15 March 2018

Lucky Escape


Week 11: Lucky

Lucky Escape: Fleeing up the Columbia River

By Myra Vanderpool Gormley ©2018

On March 26, 1856, Yakama, Klickitat, and Cascades tribes attacked American settlers who were living along the Cascade Rapids on the Columbia River in Washington Territory. Fourteen settlers and three soldiers were killed. My family was lucky — they escaped on the steamer Mary.

When the Indians attacked that morning, many settlers took shelter in a sturdy, two-story store at the Upper Cascades, owned by brothers Daniel and Putnam Bradford. Fortunately, especially for my family, the Indians failed to trap the two steamers Mary and Wasco, above the rapids. The escape of the Mary was a remarkable episode in Pacific Northwest history. The boat picked up Vanderpool and Sheppard families, who came out to her in skiffs, and then she steamed rapidly up the river to get help for the others. The Mary was not a luxury steamer, but rather was built for hard work in the swift waters of the mid-Columbia River. She also was rather shallow because of the need to be able to land at many places along the river to pick up and unload passengers, mail and freight in the rapidly growing Pacific Northwest.

History records this event as the Cascades Massacre (March 26-28, 1856) and notes that warriors of the Yakama and Cascade tribes, angered over broken treaties, and in an attempt to repel white settlers from their land, attacked settlers living near the Cascades Rapids of the Columbia River. The next day, on March 27th, 20 to 40 mounted dragoons, under Lieutenant Phil Sheridan, arrived aboard the steamer Belle from Fort Vancouver. The Yakama fled, leaving the Cascade behind, who surrendered.

For scenes and more history about this area, see:

Francis Marion Vanderpool (called Marion) married Nancy Priscilla Shepard (daughter of Henry Shepard) in January of 1853 (Lockley, Fred, and Mike Helm. Conversations with Pioneer Women. Eugene, Or: Rainy Day Press, 1981, p. 159)  and they first set up housekeeping on the Washington Territory side of the Columbia River — near what’s now the town of Stevenson.

·         Contributor: William E. Hill
·         Article Title: Oregon Trail
·         Website Name: Encyclopædia Britannica
·         Publisher: Encyclopædia Britannica, inc.
·         Date Published: February 22, 2017
·         Access Date: March 05, 2018

Marion and Nancy made the trip to the Pacific Northwest on the Oregon Trail in 1852, but whether they were in the same wagon train or not is not known, but it is possible that’s how they met. Nancy was born in Jefferson County, Iowa. Marion, although born in North Carolina, had moved to the Midwest by the early 1840s. He appears twice in the 1850 federal census — enumerated on 26 August with his father, siblings and his new stepmother, who was same age as Marion, in Dade County, Missouri, and again on 7 November in Wayne County, Iowa with relatives there. His mother (Polly Fuson) died 18 August 1849 in Decatur County, Iowa. His father (William Vanderpool), left with 10 children ranging in ages from an infant to Marion, then about 20 years of age, remarried quickly. Whether this remarriage had anything to do with Marion deciding to go to the Oregon country is not known. After all, he was a young, single man with carpentry skills — and the Oregon and Gold Rush fevers were especially prevalent in Iowa and Missouri at the time. Ironically, Nancy lost her mother (Elizabeth Mattern) in 1849 also.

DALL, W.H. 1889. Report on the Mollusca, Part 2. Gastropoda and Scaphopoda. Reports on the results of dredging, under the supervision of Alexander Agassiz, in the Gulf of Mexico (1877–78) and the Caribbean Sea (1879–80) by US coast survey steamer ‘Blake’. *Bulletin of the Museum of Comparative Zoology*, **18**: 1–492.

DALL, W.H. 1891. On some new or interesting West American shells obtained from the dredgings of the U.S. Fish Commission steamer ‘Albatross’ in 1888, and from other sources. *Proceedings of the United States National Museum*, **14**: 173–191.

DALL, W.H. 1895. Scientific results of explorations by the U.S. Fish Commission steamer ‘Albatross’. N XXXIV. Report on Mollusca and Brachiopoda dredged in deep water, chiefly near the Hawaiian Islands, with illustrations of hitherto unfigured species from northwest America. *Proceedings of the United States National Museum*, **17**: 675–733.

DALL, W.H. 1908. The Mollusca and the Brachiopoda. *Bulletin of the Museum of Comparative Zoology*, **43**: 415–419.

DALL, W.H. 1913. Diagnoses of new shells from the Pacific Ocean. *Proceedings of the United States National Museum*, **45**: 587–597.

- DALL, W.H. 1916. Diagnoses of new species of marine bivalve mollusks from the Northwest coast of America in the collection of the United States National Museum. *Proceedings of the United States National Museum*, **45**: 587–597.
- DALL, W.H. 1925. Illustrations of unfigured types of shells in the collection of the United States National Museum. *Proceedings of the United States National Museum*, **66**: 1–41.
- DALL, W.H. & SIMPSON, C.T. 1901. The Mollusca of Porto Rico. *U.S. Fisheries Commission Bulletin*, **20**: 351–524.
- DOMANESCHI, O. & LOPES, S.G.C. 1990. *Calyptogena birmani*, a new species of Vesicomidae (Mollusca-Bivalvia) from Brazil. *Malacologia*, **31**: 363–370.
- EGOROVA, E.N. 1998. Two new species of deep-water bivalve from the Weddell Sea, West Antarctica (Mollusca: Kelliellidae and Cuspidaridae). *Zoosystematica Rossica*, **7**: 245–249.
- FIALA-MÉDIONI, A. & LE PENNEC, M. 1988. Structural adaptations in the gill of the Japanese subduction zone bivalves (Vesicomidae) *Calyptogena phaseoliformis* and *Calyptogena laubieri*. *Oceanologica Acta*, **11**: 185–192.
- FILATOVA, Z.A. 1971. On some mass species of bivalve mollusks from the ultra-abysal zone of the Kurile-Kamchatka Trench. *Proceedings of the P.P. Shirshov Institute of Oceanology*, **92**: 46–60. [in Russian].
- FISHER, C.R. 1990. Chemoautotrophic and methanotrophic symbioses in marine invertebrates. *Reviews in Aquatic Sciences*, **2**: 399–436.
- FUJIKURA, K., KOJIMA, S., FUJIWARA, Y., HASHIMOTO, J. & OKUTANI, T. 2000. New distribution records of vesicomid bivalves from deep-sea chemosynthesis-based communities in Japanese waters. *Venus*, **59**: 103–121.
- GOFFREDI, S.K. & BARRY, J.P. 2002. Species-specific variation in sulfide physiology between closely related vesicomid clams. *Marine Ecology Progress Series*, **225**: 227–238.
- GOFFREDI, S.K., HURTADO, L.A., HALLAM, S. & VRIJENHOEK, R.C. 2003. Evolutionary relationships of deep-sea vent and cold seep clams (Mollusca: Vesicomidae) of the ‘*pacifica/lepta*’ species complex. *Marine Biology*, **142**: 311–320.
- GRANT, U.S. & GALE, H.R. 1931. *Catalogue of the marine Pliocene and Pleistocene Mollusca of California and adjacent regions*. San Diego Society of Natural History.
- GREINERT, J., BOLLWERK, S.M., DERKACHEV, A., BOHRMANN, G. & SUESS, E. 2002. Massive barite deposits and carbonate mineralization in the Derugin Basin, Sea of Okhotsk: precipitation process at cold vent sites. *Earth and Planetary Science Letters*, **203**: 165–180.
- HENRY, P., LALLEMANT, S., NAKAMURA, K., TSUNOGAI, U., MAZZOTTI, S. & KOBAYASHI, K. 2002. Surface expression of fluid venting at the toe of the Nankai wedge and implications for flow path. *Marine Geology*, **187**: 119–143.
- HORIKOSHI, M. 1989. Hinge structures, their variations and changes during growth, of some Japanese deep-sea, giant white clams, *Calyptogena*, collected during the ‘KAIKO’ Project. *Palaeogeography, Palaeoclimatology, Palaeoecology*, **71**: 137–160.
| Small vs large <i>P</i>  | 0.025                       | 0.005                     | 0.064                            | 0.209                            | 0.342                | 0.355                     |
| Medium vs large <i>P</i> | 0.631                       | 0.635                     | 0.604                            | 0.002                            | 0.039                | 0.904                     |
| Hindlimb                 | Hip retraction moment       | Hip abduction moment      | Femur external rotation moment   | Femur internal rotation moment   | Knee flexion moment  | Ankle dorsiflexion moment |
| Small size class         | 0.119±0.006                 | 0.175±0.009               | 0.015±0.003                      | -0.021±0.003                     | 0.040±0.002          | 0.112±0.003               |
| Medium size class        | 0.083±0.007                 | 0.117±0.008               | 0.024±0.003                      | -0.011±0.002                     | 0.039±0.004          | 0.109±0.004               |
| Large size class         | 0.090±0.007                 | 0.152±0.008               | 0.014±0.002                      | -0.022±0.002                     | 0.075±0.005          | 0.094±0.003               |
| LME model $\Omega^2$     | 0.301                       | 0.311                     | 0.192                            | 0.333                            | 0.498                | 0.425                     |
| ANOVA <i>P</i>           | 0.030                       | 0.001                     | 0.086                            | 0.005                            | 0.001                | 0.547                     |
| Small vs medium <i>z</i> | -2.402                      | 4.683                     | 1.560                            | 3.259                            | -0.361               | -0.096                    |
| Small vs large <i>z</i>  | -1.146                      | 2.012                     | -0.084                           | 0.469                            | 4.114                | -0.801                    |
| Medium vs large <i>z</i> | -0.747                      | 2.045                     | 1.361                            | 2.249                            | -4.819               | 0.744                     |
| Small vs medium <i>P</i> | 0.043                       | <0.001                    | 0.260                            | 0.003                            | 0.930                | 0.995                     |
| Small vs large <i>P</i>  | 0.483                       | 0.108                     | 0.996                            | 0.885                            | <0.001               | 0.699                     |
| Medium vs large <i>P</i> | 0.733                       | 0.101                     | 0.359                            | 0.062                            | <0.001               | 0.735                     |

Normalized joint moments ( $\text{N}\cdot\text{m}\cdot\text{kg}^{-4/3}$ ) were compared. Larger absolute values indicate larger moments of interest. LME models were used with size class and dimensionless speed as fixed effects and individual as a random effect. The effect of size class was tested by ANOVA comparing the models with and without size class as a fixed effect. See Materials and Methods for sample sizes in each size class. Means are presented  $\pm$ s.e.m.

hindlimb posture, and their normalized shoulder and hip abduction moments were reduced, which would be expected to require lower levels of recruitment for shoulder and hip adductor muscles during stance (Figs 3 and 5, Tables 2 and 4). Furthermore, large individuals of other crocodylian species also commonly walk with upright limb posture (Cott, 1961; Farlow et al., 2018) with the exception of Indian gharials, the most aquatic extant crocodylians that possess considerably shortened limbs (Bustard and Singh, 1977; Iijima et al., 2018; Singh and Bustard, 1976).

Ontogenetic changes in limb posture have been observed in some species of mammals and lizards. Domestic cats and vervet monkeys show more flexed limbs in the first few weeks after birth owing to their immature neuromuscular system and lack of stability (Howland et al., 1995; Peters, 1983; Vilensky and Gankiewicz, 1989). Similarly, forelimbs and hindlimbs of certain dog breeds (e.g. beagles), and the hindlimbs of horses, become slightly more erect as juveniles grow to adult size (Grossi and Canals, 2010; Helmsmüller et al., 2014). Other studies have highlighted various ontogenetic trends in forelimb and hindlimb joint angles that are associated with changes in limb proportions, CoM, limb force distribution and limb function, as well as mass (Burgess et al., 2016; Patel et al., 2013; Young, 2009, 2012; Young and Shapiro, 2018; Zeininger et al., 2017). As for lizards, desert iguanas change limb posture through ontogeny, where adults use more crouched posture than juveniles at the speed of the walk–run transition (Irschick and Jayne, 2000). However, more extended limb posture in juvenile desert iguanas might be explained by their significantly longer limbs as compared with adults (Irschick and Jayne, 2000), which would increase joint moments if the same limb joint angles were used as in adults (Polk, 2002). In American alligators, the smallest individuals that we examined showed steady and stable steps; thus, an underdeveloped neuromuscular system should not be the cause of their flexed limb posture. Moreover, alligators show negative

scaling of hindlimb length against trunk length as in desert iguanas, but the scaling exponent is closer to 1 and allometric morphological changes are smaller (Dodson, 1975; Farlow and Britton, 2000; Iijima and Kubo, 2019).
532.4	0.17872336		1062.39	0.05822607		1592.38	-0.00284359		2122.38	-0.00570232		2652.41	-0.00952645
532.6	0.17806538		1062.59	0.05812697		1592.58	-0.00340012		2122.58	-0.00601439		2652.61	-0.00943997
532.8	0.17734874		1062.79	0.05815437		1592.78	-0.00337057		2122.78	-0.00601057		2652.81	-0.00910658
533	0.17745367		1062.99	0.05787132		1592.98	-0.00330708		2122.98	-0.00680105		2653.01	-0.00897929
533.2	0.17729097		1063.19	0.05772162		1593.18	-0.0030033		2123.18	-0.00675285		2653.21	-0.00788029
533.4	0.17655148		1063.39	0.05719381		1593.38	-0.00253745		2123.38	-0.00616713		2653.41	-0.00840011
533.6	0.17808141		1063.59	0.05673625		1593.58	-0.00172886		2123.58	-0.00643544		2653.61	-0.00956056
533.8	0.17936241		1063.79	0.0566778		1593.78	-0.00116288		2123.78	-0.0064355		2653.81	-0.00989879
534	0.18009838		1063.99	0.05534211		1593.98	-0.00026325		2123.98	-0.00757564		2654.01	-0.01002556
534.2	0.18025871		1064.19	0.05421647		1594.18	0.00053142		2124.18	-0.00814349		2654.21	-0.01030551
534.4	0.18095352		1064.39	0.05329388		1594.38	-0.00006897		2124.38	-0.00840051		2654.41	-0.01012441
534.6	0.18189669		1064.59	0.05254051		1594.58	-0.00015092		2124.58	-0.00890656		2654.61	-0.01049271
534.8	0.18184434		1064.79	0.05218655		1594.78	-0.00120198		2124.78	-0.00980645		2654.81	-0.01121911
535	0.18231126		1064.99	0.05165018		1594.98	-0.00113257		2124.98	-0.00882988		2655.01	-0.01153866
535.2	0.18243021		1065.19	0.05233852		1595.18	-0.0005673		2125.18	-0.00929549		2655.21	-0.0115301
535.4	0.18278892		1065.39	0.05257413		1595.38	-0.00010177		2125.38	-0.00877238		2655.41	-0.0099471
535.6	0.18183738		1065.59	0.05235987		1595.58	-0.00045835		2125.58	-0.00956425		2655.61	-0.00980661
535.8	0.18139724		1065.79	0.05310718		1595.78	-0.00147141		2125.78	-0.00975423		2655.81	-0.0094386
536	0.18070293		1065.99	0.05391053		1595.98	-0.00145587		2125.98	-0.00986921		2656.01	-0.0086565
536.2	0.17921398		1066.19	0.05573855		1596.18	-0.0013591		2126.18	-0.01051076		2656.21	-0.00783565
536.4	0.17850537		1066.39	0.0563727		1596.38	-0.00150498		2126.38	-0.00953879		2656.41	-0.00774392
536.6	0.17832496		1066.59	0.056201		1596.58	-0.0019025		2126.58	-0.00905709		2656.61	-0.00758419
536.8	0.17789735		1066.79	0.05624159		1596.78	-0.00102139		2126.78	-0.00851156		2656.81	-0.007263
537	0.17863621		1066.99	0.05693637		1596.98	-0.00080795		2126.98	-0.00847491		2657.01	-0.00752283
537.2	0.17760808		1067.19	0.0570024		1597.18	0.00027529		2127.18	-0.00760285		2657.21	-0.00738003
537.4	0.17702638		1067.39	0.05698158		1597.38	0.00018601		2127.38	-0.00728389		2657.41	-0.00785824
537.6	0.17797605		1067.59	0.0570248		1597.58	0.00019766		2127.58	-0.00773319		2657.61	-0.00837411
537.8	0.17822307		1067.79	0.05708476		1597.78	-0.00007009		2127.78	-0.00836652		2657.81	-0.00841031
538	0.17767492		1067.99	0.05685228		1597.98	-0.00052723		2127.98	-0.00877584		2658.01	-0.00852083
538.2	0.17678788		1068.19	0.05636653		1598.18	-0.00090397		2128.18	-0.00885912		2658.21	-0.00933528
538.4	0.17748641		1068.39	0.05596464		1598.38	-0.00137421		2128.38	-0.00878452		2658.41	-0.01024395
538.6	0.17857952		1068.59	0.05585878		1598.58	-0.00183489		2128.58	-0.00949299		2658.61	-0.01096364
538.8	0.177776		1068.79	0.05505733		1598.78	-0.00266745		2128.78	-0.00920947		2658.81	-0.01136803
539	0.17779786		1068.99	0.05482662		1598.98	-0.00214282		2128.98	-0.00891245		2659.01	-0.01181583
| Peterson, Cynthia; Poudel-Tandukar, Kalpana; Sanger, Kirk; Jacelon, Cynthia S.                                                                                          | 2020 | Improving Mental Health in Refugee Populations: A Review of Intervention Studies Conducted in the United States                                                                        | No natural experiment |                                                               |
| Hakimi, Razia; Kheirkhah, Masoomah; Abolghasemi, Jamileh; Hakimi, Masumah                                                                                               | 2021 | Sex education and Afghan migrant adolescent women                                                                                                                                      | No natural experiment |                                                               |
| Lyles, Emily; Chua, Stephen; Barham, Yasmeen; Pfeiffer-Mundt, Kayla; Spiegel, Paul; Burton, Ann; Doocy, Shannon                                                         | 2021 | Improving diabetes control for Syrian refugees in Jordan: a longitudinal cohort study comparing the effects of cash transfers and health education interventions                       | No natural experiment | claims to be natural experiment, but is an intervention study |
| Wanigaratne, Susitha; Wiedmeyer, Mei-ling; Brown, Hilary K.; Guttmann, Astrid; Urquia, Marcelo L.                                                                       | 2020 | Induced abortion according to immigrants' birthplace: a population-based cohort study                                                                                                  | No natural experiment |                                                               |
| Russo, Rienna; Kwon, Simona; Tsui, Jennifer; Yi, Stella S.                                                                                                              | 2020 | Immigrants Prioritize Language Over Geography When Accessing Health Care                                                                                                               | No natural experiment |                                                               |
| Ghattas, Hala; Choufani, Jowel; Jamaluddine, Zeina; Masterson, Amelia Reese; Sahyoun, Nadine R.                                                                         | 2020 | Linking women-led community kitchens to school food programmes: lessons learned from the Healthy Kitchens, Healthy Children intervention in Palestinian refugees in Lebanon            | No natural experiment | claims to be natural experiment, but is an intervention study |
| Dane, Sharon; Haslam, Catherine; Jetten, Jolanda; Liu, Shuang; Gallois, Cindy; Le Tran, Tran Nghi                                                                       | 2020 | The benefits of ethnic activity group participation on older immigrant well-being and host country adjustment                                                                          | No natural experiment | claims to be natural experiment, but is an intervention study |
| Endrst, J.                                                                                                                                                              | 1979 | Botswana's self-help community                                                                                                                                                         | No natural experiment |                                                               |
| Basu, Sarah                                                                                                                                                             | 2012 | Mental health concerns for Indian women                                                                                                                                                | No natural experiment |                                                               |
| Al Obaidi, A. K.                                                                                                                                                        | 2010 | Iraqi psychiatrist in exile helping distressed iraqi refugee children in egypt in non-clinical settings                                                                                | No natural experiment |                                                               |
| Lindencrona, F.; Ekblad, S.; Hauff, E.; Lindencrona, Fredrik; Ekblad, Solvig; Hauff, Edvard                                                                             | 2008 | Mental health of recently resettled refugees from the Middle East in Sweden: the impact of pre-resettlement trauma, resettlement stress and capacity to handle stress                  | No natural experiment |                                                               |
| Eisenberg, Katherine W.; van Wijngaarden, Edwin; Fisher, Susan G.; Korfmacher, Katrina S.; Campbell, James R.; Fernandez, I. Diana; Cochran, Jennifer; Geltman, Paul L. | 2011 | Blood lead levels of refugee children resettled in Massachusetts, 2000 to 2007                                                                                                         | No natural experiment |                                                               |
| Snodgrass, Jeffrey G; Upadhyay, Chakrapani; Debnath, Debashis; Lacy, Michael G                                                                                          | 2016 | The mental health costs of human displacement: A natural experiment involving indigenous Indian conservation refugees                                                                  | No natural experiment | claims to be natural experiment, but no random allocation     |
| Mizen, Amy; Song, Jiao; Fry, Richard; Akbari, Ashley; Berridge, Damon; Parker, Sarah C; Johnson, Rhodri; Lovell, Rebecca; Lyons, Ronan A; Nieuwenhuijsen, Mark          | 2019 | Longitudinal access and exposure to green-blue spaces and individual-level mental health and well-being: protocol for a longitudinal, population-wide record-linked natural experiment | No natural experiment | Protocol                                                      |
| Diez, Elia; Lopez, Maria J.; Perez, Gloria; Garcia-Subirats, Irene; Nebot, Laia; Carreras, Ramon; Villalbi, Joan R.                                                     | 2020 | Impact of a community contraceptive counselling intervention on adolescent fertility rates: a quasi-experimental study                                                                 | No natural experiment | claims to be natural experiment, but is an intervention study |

The emigration year of 1852 was one of much illness and death on the trail. Most of the deaths were attributed to cholera.  However, both Marion and Nancy were lucky — they made it safely to Oregon. The diaries and journals available for that year mention seeing wagons "as far as the eye can see" both ahead and behind.  According to The Plains Across: The Overland Emigrants on the Trans-Mississippi West, 1840-60, by John D. Unruh Jr., (published by the University of Illinois Press in 1979), it’s estimated that more than 10,000 started out for Oregon in 1852, plus about 50,000 headed to California, and 10,000 for Utah. How many actually arrived in the Oregon Territory that year is not known, but my family was among those who made the trip successfully.

By 1852 a considerable community had developed on the north side of the Columbia River, just a mile or so west of Stevenson. Its existence came about largely because of its proximity to the upper end of unnavigable water at the Cascades rapids. At this point, all travel continued by portage for some four miles around the Cascades on the north (Washington) side of the river, either by a tramway that had been recently constructed or, more commonly, by wagon road. Mary, the first active steamer on the mid-Columbia River was finished and ready for launching on September 12, 1853, and luckily for my family she was there to rescue them on that fateful day in 1856.

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